By Amy Norton
THURSDAY, Sept. 10, 2020 (HealthDay Information)
Electrical stimulation of a sound-processing space of the mind can briefly make improvements to looking at abilities in grown ups with dyslexia, a new, small review has found.
Scientists say their outcomes counsel that deficits in that mind region are a lead to of the looking at problems observed in dyslexia.
But whether or not that’s the case — or whether or not mind stimulation can aid treat dyslexia — continues to be an open up concern.
The review, of thirty grown ups with and devoid of dyslexia, looked at the results of electrically stimulating a mind space known as the left auditory cortex. Altered activity in that mind region has been linked to the issues folks with dyslexia have in processing the sounds of language.
What is been unclear is whether or not that mind distinction basically results in issues with processing language sounds, in accordance to direct researcher Silvia Marchesotti, of the College of Geneva in Switzerland.
Her staff found proof that it does. When review individuals ended up provided 20 minutes of electrical pulses to the left auditory cortex, it quickly enhanced looking at precision in individuals with dyslexia.
The effect was short-lived, disappearing an hour later on. But the results lay the groundwork for exploring whether or not noninvasively “normalizing” activity in the auditory cortex can aid treat dyslexia, Marchesotti said.
Dyslexia is a finding out disability that has an effect on up to 15% to 20% of Americans, in accordance to the Worldwide Dyslexia Association. It results in issues with looking at, as perfectly as other language abilities like spelling and producing.
It is a popular misperception that dyslexia is a visual situation, said Tyler Perrachione, an affiliate professor of speech, language and hearing sciences at Boston College.
Rather, he stated, folks with dyslexia have deficits in processing the sounds that make up language — which is a key aspect in finding out to examine.
Looking at is these types of an normal element of lifetime, it can be taken for granted. But it is basically a intricate talent, involving the orchestration of a variety of mind domains, said Perrachione, who was not concerned in the new review.
Other study has shown that the mind seems and capabilities otherwise in quite a few methods in folks with dyslexia, vs . individuals with usual looking at abilities.
Scientists are nonetheless doubtful specifically how things are going awry, in accordance to Perrachione. But there may perhaps be issues in the connections amongst the sound-processing element of the mind and other areas concerned in looking at — these types of as individuals that interpret the meaning of language or govern the visual element of looking at.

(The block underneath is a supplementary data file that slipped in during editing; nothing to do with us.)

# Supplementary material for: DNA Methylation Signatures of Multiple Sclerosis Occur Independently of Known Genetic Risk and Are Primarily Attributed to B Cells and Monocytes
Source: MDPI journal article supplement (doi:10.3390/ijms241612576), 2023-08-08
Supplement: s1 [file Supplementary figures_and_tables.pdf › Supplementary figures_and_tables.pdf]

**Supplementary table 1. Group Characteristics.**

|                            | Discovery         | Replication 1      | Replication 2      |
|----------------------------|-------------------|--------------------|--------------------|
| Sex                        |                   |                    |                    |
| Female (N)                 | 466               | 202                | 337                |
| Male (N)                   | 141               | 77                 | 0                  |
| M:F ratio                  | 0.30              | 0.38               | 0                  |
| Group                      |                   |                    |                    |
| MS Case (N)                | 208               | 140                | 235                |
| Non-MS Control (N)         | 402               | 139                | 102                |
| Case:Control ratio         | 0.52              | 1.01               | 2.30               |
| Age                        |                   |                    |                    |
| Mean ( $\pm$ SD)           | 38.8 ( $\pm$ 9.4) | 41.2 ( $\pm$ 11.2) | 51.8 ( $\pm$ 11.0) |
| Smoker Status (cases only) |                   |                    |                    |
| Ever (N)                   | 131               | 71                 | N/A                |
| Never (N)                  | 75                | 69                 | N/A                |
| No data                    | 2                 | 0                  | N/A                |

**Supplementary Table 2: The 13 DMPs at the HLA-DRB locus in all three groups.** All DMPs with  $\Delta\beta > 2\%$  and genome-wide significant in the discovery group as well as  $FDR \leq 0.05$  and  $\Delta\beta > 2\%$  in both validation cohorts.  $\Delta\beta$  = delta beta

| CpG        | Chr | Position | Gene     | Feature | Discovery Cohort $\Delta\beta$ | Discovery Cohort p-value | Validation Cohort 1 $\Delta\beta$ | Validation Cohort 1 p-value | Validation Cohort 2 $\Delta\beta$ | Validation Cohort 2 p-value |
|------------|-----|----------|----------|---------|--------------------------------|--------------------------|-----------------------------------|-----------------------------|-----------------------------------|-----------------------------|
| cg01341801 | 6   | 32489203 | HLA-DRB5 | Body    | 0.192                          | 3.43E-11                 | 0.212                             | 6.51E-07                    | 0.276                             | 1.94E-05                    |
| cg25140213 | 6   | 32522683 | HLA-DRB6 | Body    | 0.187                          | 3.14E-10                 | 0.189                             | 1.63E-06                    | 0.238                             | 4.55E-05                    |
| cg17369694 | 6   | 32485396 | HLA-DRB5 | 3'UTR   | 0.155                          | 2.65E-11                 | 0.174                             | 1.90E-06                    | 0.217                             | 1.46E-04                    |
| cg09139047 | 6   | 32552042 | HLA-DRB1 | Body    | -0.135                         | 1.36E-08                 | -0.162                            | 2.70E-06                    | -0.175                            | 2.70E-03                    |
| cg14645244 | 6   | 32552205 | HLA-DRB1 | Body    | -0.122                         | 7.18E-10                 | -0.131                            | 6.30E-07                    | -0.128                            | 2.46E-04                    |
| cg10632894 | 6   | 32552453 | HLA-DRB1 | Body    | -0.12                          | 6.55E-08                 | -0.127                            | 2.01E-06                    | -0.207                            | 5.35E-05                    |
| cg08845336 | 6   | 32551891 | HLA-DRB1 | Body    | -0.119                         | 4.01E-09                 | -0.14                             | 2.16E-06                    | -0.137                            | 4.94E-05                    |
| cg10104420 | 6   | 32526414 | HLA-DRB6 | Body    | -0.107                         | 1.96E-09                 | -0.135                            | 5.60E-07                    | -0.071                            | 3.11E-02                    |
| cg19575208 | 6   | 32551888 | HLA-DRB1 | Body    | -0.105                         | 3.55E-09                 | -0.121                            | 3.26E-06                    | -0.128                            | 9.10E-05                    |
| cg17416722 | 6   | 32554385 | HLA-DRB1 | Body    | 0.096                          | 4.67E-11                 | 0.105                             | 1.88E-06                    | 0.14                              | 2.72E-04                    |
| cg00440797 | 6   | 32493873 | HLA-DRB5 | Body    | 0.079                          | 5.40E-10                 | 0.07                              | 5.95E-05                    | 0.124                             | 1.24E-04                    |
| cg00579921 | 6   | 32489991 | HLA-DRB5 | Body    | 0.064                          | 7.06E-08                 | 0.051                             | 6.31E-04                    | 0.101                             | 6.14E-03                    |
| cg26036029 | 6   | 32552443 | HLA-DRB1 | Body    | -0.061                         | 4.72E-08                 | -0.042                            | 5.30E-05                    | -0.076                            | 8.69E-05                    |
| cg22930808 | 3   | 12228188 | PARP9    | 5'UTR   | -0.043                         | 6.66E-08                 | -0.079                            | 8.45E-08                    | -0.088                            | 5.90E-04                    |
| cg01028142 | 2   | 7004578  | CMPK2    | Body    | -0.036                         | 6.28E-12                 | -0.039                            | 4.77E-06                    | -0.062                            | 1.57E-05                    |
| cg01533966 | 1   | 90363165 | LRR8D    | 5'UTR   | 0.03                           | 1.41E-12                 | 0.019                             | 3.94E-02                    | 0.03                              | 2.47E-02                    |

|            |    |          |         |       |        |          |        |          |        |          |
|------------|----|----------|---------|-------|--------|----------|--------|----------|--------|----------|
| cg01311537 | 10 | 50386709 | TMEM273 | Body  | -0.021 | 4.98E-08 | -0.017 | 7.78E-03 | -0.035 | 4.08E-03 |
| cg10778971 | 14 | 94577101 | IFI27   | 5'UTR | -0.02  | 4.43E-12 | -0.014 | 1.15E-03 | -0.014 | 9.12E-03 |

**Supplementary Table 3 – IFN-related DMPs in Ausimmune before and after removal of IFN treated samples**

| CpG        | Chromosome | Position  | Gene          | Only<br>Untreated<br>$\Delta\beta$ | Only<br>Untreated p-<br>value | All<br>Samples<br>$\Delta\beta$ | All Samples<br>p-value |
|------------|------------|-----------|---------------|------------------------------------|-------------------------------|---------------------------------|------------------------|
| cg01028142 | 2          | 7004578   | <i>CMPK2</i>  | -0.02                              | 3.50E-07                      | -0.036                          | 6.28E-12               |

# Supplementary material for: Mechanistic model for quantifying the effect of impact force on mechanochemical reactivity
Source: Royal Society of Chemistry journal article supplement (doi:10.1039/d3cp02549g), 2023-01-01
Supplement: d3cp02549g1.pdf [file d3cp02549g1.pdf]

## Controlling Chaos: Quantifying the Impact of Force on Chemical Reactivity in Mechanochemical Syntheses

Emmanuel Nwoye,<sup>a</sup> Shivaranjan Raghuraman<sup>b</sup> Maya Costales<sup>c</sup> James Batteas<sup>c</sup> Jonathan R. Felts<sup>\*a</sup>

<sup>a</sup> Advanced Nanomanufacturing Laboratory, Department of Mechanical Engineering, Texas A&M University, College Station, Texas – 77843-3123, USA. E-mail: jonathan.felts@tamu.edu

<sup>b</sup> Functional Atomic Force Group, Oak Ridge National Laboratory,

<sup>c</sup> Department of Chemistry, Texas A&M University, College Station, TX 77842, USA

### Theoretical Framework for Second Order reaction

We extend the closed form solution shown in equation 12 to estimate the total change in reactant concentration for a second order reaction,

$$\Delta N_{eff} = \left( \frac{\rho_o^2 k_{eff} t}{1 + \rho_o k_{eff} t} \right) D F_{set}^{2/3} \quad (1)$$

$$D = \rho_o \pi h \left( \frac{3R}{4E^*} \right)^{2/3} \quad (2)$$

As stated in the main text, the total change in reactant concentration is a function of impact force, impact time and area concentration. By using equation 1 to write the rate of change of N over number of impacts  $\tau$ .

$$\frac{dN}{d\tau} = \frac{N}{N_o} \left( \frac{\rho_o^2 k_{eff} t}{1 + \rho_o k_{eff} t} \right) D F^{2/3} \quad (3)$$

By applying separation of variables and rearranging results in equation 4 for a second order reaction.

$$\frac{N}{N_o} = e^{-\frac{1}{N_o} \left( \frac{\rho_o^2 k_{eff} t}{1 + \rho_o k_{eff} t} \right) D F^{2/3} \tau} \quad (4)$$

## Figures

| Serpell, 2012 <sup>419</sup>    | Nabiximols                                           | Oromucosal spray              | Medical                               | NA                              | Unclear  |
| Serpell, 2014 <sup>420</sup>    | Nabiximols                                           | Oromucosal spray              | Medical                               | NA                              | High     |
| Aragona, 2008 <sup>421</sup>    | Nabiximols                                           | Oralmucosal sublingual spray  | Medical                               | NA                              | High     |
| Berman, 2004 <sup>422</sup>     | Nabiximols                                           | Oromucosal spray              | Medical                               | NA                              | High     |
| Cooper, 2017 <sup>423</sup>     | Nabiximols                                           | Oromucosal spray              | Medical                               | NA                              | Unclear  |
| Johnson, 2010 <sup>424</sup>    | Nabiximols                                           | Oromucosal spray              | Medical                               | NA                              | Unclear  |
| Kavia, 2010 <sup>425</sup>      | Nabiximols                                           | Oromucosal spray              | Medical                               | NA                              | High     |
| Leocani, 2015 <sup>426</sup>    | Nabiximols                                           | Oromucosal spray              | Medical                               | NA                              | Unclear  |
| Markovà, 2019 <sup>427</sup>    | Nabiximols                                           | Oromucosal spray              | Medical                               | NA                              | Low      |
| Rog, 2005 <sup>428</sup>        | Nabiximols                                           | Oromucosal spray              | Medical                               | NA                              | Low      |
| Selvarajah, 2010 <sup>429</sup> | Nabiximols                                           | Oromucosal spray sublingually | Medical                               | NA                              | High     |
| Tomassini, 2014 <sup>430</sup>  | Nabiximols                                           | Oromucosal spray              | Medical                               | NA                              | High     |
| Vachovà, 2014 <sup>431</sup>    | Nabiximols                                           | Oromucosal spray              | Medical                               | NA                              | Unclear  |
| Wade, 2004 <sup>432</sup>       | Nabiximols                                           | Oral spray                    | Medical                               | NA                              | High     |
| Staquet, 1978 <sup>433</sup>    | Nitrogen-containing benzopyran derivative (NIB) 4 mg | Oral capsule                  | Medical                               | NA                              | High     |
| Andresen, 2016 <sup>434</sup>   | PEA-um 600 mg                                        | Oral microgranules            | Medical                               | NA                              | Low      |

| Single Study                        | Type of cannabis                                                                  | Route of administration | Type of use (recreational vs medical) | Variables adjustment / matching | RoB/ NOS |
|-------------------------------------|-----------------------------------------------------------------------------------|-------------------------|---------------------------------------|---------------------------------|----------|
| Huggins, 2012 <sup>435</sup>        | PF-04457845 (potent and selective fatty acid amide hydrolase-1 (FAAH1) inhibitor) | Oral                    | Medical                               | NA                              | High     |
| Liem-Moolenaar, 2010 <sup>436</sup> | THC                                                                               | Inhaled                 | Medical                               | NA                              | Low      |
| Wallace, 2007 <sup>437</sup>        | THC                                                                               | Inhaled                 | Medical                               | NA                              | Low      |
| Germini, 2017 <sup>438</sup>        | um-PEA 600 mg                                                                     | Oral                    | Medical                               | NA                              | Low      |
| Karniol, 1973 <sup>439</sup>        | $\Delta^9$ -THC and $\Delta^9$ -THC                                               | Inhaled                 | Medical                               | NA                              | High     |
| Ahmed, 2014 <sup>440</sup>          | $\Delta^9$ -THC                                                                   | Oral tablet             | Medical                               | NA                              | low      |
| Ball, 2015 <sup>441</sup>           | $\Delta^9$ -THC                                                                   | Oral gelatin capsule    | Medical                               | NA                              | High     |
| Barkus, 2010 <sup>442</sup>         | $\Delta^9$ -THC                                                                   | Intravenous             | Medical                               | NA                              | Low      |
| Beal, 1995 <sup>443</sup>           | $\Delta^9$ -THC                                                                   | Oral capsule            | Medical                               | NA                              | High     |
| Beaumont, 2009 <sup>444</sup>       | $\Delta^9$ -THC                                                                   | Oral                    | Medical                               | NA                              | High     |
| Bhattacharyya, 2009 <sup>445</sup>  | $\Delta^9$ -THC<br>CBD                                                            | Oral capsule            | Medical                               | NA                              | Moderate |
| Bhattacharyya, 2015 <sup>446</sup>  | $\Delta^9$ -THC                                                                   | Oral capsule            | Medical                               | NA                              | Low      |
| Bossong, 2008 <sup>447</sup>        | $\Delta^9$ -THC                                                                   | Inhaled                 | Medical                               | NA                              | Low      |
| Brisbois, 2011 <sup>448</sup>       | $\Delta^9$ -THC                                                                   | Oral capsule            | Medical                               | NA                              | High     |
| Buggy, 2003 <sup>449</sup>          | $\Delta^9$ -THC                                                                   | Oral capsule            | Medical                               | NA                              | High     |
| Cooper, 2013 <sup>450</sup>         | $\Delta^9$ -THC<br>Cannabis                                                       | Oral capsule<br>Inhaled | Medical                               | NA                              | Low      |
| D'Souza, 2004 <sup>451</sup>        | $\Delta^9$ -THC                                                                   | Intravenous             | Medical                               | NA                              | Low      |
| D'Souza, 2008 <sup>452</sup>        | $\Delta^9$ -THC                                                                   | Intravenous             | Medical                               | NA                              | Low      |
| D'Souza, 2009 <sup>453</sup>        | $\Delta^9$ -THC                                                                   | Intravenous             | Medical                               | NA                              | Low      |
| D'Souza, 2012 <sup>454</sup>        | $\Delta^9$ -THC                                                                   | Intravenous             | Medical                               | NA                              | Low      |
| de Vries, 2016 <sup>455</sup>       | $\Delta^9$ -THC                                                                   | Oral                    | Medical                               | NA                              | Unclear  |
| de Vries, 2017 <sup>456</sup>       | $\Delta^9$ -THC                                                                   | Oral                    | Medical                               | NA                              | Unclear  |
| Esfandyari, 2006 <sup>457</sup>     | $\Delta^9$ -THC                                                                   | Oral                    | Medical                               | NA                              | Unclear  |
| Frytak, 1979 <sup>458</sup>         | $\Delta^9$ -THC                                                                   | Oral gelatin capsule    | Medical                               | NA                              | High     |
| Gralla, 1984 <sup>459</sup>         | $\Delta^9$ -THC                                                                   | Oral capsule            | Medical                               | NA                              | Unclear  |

Perrachione said the new review usually takes “a promising technique” to comprehending the underpinnings of dyslexia. But he cautioned that it does not essentially offer you proof of a immediate lead to of the ailment.
And whether or not electrical stimulation of the mind can aid treat dyslexia continues to be to be observed.
The results of a single round are short-lived, Perrachione pointed out. And he said he doubted that electrical stimulation by yourself would be helpful.
But a single possibility, Perrachione said, is to examination it in combination with specialized looking at instruction — the normal way to regulate dyslexia.
These kinds of study may largely concentrate on grown ups. “Scientists are rightly conservative when it comes to mind stimulation in children,” Perrachione said.
The present review, released Sept. eight in PLOS Biology, bundled 15 grown ups with dyslexia and 15 with usual looking at abilities. Making use of electroencephalography, the scientists found that folks with dyslexia, as predicted, experienced certain abnormal activity patterns in the left auditory cortex.
Individuals underwent 20 minutes of a approach known as transcranial alternate present stimulation, the place electrodes positioned on the scalp supply electrical pulses to the mind.
Promptly afterward, volunteers with dyslexia confirmed an enhancement in their looking at precision, but not pace. In distinction, the stimulation appeared to have a “a little disruptive” effect on robust readers, the scientists said.
In a journal information release, Marchesotti said her staff programs to review the possibility of “normalizing” activity in the left auditory cortex of youthful children with dyslexia. And that, she said, could most likely be carried out with even less invasive implies, like neurofeedback coaching. That will involve using sensors to keep track of brainwave activity as folks conduct a task.
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Resources: Tyler Perrachione, Ph.D., affiliate professor, speech, language and hearing sciences, Boston College PLOS Biology, information release and review, Sept. eight, 2020, on the web